I’m in the midst of a writer’s journey. On 22 November, my first work of fiction (fit for public consumption) is making its debut at Taunton Literary Festival, in Somerset. With just over a month to go, I’m beginning to feel the pressure. This is the bit of writing we don’t think about, when we sit and put pen to paper. So here’s the story of my script’s journey from page to lit fest.
It all began last year, when I went on a ‘writing for radio’ workshop, in Bristol. I’d had an idea for what I’d always thought was a short story, but it had never really taken shape. However, when I turned it into an idea for a radio play, it suddenly flowered from a glimmer of an idea, to a full-blown story. By February I’d written a finished draft and taken it to Writer’s Anon for feedback. They liked it, which made me decide to record it myself.
Luckily, I have lots of talented friends. I pulled lots of favours and found myself an actor and a producer. With dreams of being the next Orson Welles, we gathered to do a script read through. It went well, it was April and we had no deadline, so all was well with the world. But that didn’t last.
Unfortunately, we were all holding down jobs and families etc. My actor is a school teacher, so term time was too busy to take time out. We were going to have to wait for the summer holidays to actually record the play. That was all fine, until I mentioned it to Lionel Ward, who runs Taunton Literary Festival and he offered me a spot to broadcast the play. All of a sudden, we had a November deadline and the summer was zooming by.
My producer had the brilliant idea of recording the play on location in my house and garden, rather than hiring a studio and then trying to fake the ambient effects. It saved me some cash and it gave us more flexibility. So, in August we gathered to perform the play for real and it was wonderful to hear those characters come to life. We thought a day would be enough, but it all took longer than we thought it would. We were going to need another day of recording.
Two weeks later, we squeezed in one last day to get the remaining scenes done, just a few days before our actor became a school teacher, once more. With all the takes recorded, it was time to hand things over to the producer and wait for him to put a rough edit together.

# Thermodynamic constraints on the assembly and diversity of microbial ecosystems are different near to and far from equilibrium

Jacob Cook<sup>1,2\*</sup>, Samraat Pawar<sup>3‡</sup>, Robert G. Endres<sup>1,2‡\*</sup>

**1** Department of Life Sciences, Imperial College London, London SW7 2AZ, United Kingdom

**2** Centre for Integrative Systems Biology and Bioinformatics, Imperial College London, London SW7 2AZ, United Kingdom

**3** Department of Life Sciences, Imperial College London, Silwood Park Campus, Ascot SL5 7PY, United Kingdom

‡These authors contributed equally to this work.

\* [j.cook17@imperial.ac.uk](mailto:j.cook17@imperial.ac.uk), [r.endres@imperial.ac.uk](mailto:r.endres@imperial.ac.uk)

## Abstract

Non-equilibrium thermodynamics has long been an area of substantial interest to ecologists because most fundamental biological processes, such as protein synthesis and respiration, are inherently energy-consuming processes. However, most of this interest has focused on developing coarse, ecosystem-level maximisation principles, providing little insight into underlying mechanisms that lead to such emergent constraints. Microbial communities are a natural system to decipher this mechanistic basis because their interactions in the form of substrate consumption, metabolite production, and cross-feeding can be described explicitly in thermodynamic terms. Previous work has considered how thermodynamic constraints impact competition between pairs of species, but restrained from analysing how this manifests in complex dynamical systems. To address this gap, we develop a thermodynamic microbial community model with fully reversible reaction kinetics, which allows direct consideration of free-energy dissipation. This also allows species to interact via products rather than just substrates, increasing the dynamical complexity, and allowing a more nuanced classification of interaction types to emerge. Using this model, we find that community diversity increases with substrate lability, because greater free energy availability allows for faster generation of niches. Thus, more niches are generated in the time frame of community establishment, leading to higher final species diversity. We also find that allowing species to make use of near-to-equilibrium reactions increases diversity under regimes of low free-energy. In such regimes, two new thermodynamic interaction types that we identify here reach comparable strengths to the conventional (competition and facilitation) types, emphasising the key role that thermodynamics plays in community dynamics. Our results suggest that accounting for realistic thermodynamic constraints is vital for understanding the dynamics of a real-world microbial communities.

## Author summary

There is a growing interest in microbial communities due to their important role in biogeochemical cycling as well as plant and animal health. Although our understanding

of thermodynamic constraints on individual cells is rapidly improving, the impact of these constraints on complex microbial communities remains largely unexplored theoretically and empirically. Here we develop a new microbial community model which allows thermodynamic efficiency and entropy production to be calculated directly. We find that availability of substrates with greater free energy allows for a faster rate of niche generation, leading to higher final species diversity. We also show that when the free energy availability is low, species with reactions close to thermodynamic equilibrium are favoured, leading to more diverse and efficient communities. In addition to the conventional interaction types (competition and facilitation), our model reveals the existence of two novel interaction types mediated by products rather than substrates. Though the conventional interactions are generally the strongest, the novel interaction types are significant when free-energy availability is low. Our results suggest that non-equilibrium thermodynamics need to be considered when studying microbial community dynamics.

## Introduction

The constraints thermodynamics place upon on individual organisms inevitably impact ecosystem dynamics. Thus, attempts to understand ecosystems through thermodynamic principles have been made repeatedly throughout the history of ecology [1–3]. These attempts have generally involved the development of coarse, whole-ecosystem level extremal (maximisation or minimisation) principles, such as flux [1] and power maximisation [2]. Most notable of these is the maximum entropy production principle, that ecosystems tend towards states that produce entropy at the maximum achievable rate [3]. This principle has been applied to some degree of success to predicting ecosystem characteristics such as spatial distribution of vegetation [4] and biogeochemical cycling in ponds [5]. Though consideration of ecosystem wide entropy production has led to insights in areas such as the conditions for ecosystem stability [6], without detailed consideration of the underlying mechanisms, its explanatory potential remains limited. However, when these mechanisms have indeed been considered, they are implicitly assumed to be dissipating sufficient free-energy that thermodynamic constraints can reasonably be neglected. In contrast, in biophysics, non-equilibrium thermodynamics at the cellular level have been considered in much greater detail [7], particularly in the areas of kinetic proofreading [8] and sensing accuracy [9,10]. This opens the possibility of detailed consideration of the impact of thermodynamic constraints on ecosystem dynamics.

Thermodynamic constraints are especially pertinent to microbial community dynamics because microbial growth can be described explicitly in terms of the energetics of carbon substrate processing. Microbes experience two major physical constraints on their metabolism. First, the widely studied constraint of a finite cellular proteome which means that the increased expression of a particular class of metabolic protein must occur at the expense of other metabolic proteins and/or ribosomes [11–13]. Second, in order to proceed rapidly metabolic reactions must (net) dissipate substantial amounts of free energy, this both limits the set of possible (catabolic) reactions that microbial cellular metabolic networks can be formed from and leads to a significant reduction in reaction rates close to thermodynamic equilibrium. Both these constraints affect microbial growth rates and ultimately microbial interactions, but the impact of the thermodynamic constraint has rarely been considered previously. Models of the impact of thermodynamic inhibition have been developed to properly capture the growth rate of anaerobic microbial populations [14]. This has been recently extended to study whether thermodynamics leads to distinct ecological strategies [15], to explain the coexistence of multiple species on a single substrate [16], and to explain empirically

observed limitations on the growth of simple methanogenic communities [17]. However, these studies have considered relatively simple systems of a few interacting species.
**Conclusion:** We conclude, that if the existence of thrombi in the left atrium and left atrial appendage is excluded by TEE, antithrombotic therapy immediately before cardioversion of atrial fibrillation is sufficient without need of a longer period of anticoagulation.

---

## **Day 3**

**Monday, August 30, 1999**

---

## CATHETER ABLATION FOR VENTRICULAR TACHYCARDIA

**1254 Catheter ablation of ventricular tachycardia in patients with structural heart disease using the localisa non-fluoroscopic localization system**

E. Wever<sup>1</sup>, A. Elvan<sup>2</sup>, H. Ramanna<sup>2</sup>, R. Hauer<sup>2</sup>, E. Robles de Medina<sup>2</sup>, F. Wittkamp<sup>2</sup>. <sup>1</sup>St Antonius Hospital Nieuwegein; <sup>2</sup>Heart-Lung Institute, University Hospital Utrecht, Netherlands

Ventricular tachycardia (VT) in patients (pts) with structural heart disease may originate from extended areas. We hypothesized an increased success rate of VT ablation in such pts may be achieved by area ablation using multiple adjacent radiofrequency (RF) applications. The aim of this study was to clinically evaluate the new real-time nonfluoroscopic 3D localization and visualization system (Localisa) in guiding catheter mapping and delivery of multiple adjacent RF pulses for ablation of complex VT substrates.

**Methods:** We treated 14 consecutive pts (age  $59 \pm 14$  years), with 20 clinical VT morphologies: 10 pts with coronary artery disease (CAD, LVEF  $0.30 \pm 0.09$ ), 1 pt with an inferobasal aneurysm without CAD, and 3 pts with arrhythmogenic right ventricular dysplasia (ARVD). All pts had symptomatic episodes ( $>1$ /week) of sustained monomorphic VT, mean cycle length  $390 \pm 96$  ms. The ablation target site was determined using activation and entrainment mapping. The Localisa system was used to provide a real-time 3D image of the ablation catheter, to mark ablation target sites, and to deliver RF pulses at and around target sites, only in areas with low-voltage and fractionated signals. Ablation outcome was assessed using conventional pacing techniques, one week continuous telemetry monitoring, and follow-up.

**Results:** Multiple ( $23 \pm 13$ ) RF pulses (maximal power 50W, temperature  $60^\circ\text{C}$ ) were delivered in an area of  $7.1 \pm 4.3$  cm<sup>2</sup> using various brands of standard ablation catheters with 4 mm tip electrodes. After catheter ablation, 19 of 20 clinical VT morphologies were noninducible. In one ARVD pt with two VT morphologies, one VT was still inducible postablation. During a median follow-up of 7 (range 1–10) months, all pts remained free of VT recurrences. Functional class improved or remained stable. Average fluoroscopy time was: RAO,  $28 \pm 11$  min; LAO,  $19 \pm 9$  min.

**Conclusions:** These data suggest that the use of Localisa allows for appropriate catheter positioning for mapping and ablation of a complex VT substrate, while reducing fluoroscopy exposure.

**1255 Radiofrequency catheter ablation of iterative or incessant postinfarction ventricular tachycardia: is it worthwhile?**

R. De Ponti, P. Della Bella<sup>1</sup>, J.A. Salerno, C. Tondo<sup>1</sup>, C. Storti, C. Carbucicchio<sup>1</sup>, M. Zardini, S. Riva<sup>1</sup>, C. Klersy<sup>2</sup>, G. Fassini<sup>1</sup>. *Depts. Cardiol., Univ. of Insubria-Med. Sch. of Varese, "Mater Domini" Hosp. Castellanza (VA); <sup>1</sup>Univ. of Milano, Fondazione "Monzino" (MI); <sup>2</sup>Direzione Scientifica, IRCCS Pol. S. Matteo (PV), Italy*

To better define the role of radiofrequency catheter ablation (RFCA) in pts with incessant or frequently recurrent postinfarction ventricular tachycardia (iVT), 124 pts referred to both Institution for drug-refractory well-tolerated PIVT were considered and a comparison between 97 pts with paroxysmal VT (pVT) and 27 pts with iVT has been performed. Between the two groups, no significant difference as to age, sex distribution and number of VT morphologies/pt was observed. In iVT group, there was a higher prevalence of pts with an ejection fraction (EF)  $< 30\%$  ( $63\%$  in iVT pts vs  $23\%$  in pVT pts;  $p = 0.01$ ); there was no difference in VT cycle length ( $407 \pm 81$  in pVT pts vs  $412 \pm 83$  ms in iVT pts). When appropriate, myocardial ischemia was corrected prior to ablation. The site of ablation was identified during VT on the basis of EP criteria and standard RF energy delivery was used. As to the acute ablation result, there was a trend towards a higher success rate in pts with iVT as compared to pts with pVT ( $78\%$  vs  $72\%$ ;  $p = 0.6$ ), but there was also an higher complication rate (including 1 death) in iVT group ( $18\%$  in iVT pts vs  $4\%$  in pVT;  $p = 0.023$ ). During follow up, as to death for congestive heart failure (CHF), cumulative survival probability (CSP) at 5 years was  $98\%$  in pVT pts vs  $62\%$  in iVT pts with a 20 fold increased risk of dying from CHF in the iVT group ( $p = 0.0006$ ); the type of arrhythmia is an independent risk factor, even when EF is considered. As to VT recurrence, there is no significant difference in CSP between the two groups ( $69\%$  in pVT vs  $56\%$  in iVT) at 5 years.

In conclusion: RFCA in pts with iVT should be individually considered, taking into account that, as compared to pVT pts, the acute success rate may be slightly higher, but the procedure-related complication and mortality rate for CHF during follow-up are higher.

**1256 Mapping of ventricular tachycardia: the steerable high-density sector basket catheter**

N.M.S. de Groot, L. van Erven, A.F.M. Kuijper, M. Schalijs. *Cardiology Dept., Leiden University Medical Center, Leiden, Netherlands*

Meanwhile, the lit fest needed blurb on the play and photos of us all, for marketing and promotion. I also had to design a poster. With just over a month to go, tickets are now on sale and we’re still working on post production, with sound effects and music to record. We’ve got to pull this thing together and fast. But I’ve also got to start marketing to ensure we sell tickets for the event.
Of course the rough edit was just the start. Last week we went through three hours of takes to pick the best ones and this week, we overdubbed some dialogue and started the fun process of recording sound effects. But with still so much to do and my producer heading off for a business trip abroad, next week, I’m beginning to feel the pressure.
This is the part we don’t see, when we read a book or watch a film. We don’t sense the stress and the feeling of responsibility that comes with asking for people to part with their cash for the pleasure of experiencing your morsel of creativity. The fact that I’m doing it all myself, with no agent or publisher or production company makes it harder. Self-publishing sounds like an easy option, but it means you have to be editor, director, marketing and PR department, as well as sales and of course the writer.
Writing is a slightly mad endeavour. We never know if anyone will ever read the product of our labours, but we do it anyway. But writing is actually just the start of getting your product out there. I’ve just got to believe that the play will be done in time and we will have an audience. I’ll let you know.
You can also come and see or hear for yourself. The Garden is my radio play and will be at Taunton Literary Festival on 22 November, at 7pm at Brendon Books in Taunton, Somerset. Tickets are £7 and available here.